In addition, earlier today, more than 20 Chinese warships sailed through the Bashi Channel (a waterway between the Philippines and Taiwan) and Miyako Strait (a waterway between the Japanese islands of Miyako and Okinawa and one of the few international waterways for China’s PLA Navy to access the Pacific Ocean from the East China Sea). Some Chinese aircraft crossed the Bashi Channel to carry out drills with the Shandong in the Pacific.

A defense analyst told the Financial Times that this week’s exercises are “by far the largest number of ships we have seen training with any Chinese carrier so far,” and that China is seeking to express its displeasure with the recent U.S.-led military exercises.

China staged war games around Taiwan in August 2022 and April this year, and maintains an almost daily military presence in waters around the island.

The busy west Pacific

Today, Japan appointed a serving government official as its de facto defense attache in Taiwan, a move likely to anger Beijing.

In recent months, more than a dozen nations have participated in U.S.-led military exercises in the region. In late August, the U.S., Australia, and Japan carried out a joint exercise in the South China Sea off the western Philippines, and in September the U.S. sent an amphibious group to join South Korean and Canadian naval ships in the Yellow Sea.

A U.S. and a Canadian warship sailed through the Taiwan Strait on Saturday, according to the U.S. Navy, and the two countries’ navies also conducted a series of exercises in the South China Sea this week.

In other developments, Taiwan’s defense ministry yesterday released a white paper entitled National Defense Report 2023 that outlines a plan for Taiwan to produce 7,700 unmanned aerial vehicles (UAVs) for military use by 2028. The UAVs form part of Taiwan’s “Five-year Force Buildup Plan” that includes increasing foreign arms purchases, improving indigenous defense technologies, improving training, and increasing recruitment.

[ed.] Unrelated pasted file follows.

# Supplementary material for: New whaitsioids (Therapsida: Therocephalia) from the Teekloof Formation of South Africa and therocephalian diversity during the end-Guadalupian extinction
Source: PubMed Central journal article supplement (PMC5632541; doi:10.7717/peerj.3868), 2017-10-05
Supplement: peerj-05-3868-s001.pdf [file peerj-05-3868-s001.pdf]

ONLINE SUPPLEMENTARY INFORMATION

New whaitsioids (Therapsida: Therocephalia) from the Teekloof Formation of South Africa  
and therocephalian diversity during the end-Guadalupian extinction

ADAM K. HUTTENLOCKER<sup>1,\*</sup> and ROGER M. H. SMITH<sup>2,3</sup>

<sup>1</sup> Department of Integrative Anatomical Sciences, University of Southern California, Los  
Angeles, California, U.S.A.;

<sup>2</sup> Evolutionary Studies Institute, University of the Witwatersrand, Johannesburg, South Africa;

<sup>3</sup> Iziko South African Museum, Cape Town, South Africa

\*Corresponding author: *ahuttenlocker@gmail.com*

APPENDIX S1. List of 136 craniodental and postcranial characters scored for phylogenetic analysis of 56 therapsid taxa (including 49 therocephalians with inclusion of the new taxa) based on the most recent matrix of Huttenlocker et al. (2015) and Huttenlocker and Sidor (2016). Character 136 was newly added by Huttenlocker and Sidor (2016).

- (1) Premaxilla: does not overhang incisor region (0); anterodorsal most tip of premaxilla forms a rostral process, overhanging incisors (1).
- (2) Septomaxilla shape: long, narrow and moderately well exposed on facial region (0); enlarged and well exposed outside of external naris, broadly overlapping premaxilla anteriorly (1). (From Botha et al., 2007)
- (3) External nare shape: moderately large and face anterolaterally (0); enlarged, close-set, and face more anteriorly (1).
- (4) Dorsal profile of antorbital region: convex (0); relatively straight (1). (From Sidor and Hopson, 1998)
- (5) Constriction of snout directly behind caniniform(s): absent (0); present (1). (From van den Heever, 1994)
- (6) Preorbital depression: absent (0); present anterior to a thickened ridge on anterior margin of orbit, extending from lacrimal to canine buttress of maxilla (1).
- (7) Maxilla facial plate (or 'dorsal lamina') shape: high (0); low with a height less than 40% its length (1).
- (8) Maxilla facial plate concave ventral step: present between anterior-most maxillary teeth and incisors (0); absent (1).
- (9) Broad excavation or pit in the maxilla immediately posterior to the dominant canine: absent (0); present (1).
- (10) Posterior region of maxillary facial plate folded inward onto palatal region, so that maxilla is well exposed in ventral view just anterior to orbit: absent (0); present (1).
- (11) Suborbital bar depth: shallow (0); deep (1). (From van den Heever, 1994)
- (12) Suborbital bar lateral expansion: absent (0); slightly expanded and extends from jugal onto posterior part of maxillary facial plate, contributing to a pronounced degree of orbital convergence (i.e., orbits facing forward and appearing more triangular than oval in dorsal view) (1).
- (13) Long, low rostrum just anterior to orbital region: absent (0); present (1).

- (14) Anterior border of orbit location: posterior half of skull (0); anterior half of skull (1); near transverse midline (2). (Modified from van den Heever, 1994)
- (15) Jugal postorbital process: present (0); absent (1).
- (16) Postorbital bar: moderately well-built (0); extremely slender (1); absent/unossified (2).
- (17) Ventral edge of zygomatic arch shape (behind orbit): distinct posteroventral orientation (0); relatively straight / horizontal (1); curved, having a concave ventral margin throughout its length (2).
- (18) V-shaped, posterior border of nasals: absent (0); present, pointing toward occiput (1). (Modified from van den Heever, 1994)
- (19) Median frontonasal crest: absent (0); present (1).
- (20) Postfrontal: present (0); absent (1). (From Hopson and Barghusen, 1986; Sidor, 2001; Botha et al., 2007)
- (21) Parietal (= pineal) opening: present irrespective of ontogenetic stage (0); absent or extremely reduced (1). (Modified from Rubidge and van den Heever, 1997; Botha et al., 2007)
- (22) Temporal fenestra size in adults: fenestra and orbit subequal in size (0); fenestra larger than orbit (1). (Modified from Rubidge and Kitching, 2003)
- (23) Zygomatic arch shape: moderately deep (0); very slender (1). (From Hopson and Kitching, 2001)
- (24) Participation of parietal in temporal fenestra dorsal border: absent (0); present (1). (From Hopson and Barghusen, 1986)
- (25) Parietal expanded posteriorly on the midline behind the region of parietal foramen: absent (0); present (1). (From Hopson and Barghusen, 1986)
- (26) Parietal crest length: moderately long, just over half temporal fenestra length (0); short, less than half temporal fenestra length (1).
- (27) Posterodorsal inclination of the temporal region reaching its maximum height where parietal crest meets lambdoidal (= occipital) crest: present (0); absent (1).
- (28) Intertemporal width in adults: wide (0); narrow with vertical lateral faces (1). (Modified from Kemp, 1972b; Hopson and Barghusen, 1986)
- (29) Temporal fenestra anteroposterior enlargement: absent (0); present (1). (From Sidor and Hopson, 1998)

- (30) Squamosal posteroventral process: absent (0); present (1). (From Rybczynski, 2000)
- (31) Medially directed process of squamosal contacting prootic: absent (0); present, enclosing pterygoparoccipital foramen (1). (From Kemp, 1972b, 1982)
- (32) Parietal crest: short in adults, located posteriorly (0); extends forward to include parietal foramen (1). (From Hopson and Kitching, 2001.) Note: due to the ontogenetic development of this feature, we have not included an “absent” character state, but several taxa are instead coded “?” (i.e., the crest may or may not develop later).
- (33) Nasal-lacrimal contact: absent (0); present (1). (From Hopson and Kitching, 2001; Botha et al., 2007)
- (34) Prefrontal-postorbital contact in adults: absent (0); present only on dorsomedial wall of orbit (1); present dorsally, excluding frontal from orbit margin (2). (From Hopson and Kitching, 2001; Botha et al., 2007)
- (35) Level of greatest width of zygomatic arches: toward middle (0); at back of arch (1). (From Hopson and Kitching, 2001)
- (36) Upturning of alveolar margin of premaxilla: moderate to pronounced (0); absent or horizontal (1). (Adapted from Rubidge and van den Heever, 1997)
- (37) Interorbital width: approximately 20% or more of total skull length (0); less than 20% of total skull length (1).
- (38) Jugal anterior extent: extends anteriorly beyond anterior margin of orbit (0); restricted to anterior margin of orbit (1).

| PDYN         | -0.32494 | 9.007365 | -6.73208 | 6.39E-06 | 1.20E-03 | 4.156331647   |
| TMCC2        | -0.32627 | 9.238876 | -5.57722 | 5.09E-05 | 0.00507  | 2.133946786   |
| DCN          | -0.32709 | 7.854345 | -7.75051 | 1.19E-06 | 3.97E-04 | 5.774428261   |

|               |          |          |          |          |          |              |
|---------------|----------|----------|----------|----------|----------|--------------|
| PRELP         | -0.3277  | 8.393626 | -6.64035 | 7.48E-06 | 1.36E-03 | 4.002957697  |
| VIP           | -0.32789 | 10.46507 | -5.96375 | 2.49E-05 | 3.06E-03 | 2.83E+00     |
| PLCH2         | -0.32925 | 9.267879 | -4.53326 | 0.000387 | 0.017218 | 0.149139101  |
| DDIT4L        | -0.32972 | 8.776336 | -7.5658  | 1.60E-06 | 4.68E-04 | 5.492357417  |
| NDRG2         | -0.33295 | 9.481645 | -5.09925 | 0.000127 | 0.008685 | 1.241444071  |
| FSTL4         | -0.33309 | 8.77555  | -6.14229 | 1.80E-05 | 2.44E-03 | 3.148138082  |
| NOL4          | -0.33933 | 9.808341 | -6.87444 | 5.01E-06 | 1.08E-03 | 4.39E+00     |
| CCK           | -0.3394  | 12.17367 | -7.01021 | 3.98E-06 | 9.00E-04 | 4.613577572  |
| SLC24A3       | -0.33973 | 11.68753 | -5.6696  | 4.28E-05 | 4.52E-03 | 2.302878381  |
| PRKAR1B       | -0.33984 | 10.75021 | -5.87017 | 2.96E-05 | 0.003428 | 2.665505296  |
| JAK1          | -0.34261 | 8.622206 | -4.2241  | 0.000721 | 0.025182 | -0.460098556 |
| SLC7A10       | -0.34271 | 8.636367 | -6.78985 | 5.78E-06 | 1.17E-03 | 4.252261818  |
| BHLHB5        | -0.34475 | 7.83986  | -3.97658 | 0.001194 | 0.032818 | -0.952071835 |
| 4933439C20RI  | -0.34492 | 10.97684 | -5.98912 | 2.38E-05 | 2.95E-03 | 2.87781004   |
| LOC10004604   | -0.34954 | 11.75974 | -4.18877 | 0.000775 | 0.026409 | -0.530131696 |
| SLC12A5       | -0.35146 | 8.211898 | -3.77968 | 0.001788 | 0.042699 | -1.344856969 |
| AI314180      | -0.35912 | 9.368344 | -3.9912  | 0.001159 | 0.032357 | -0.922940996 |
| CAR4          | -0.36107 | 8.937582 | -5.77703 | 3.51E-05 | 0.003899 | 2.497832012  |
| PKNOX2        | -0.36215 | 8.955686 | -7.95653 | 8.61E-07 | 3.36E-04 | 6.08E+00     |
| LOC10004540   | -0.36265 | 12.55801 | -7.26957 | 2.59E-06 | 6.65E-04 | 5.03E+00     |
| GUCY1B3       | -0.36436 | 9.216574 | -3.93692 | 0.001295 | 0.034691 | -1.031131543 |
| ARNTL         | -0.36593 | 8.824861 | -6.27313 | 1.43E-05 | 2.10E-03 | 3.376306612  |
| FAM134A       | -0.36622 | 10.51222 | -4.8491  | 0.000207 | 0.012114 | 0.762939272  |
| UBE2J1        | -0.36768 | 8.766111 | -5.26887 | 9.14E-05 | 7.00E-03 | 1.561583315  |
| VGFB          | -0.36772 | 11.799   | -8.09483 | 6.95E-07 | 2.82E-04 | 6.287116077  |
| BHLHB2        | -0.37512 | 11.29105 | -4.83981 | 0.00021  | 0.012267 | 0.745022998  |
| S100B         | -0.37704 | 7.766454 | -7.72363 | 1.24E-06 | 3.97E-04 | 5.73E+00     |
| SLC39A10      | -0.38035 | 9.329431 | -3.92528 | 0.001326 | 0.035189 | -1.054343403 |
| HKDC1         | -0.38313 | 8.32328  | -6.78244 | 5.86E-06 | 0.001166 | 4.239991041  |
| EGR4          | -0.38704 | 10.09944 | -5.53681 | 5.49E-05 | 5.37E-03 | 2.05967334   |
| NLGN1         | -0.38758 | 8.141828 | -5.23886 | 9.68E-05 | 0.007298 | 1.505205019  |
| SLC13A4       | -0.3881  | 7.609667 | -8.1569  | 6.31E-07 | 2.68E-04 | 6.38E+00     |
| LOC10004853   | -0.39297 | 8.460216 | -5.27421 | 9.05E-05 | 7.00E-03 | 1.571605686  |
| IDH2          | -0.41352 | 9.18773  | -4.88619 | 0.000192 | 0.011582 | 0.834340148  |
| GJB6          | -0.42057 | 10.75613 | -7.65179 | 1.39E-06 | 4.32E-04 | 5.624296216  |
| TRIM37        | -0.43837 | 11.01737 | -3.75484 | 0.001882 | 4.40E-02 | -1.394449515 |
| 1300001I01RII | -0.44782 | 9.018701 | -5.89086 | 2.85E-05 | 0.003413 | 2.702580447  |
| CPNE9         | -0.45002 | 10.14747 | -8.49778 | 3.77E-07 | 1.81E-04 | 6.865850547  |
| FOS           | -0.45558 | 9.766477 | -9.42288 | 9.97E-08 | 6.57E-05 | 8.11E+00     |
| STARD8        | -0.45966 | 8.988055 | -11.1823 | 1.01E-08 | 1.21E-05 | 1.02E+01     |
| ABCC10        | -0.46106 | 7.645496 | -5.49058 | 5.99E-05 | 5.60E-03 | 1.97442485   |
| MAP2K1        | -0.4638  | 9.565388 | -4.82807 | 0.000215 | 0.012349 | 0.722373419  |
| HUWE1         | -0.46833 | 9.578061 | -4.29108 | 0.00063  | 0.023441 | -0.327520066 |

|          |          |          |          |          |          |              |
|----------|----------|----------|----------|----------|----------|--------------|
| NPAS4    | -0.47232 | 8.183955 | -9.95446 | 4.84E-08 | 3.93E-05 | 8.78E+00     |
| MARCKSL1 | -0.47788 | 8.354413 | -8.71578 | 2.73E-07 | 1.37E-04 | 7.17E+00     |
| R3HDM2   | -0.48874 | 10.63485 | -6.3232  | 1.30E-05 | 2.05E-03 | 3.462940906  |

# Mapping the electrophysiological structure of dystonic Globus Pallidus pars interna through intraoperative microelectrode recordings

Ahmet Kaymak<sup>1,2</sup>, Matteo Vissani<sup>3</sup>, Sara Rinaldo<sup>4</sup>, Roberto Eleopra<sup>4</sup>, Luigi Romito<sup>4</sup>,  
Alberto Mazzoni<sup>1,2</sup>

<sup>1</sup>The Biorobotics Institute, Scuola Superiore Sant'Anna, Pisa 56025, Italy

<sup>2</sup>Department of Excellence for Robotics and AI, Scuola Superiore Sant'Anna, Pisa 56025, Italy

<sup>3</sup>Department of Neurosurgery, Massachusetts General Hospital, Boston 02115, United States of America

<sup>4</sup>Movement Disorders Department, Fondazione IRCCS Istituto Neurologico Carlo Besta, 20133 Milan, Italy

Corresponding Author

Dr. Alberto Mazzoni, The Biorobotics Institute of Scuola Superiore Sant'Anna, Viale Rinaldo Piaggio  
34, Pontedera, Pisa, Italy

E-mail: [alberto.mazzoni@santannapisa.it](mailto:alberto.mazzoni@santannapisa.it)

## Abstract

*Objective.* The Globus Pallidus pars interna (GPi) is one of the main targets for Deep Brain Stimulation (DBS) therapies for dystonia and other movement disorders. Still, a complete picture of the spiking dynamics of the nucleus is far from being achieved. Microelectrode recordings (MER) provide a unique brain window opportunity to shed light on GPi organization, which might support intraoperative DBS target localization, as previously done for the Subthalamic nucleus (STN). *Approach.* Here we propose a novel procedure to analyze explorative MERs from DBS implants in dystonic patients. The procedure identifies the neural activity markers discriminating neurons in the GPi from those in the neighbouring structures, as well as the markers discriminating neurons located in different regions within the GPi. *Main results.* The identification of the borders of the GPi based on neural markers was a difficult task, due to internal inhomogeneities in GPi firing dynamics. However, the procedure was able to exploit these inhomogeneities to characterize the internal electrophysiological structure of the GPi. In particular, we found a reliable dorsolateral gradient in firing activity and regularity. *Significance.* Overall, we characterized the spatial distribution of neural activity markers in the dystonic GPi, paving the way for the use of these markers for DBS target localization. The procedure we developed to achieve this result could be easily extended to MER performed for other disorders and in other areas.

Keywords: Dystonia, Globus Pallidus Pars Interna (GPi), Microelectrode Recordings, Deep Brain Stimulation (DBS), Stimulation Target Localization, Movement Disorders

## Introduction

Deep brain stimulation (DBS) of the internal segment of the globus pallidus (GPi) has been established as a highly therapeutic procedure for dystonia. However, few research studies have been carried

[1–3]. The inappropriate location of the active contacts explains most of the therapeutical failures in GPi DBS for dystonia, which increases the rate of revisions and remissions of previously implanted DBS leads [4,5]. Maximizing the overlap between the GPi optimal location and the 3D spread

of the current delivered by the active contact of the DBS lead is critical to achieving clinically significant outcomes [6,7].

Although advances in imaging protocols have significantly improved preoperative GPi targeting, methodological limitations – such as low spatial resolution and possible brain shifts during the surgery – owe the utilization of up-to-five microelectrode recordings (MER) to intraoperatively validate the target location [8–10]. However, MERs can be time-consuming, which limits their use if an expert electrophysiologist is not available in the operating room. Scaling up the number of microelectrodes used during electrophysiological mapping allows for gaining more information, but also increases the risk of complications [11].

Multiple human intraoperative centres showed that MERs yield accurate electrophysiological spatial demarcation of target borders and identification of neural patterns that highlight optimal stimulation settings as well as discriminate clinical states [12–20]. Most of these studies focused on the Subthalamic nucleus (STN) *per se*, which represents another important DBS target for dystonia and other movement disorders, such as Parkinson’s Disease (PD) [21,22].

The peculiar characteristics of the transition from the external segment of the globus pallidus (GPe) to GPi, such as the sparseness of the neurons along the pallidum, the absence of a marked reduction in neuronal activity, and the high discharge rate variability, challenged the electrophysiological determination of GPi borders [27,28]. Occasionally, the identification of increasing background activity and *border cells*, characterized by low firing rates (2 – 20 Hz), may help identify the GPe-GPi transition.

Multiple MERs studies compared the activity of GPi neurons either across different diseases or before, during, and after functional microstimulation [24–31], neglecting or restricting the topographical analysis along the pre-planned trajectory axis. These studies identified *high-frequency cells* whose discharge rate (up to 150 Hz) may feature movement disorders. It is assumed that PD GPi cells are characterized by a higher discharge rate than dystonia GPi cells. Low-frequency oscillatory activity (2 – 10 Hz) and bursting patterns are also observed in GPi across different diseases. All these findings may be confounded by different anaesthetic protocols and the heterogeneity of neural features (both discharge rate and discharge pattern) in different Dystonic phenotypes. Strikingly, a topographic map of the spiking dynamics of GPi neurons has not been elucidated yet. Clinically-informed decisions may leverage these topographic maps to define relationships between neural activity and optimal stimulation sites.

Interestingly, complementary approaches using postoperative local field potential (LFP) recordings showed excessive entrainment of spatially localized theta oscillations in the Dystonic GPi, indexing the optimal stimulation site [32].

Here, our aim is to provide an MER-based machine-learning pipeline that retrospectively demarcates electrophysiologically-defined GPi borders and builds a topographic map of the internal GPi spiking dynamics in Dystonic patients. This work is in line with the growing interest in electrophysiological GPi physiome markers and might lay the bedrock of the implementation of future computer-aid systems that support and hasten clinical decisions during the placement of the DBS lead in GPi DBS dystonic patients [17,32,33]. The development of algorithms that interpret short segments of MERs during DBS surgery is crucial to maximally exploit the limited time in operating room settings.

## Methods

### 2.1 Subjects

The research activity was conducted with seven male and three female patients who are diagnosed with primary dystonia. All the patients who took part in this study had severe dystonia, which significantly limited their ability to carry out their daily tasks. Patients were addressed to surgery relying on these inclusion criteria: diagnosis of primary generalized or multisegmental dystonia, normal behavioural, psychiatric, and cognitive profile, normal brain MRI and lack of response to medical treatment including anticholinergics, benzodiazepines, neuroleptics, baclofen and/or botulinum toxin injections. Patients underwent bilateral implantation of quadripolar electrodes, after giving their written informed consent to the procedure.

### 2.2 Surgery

A “ridiculous” plan

Amid all of these developments, Beijing seems to prefer sticks to carrots: Yesterday, the spokesperson of China’s Taiwan Affairs Office issued a further economic threat to Taiwan. Addressing his audience in Taiwanese, Chén Bīnhuá (陳斌華) stated that his office supports investigations to suspend or partially suspend tariff preferences granted to Taiwanese goods under the Economic Cooperation Framework Agreement (ECFA), a free trade agreement signed between Beijing and Taiwan in 2010, because Taiwan’s ruling Democratic Progressive Party (DPP) had undermined cross-strait relations.

In February 2021, China announced it would restrict imports of Taiwanese pineapples. Since then, further restrictions have been placed on dozens of other Taiwanese products, including wax and custard apples, grouper fish and other seafood products, snacks, and alcohol brands.

When a senior Chinese official raised the integration plan mentioned in the 14th Five-Year Plan at a forum in June, Taiwan’s Mainland Affairs Council called the proposal “meaningless” and “futile,” and said that it “belittles” Taiwan.

Earlier today, Wang Ting-yu (王定宇 Wáng Dìngyǔ), a Taiwanese lawmaker from the ruling Democratic Progressive Party (DPP), said China’s new plan for “integrated development” with Taiwan was “ridiculous.”

It seems unlikely that Beijing’s new document is going to change any minds in Taiwan.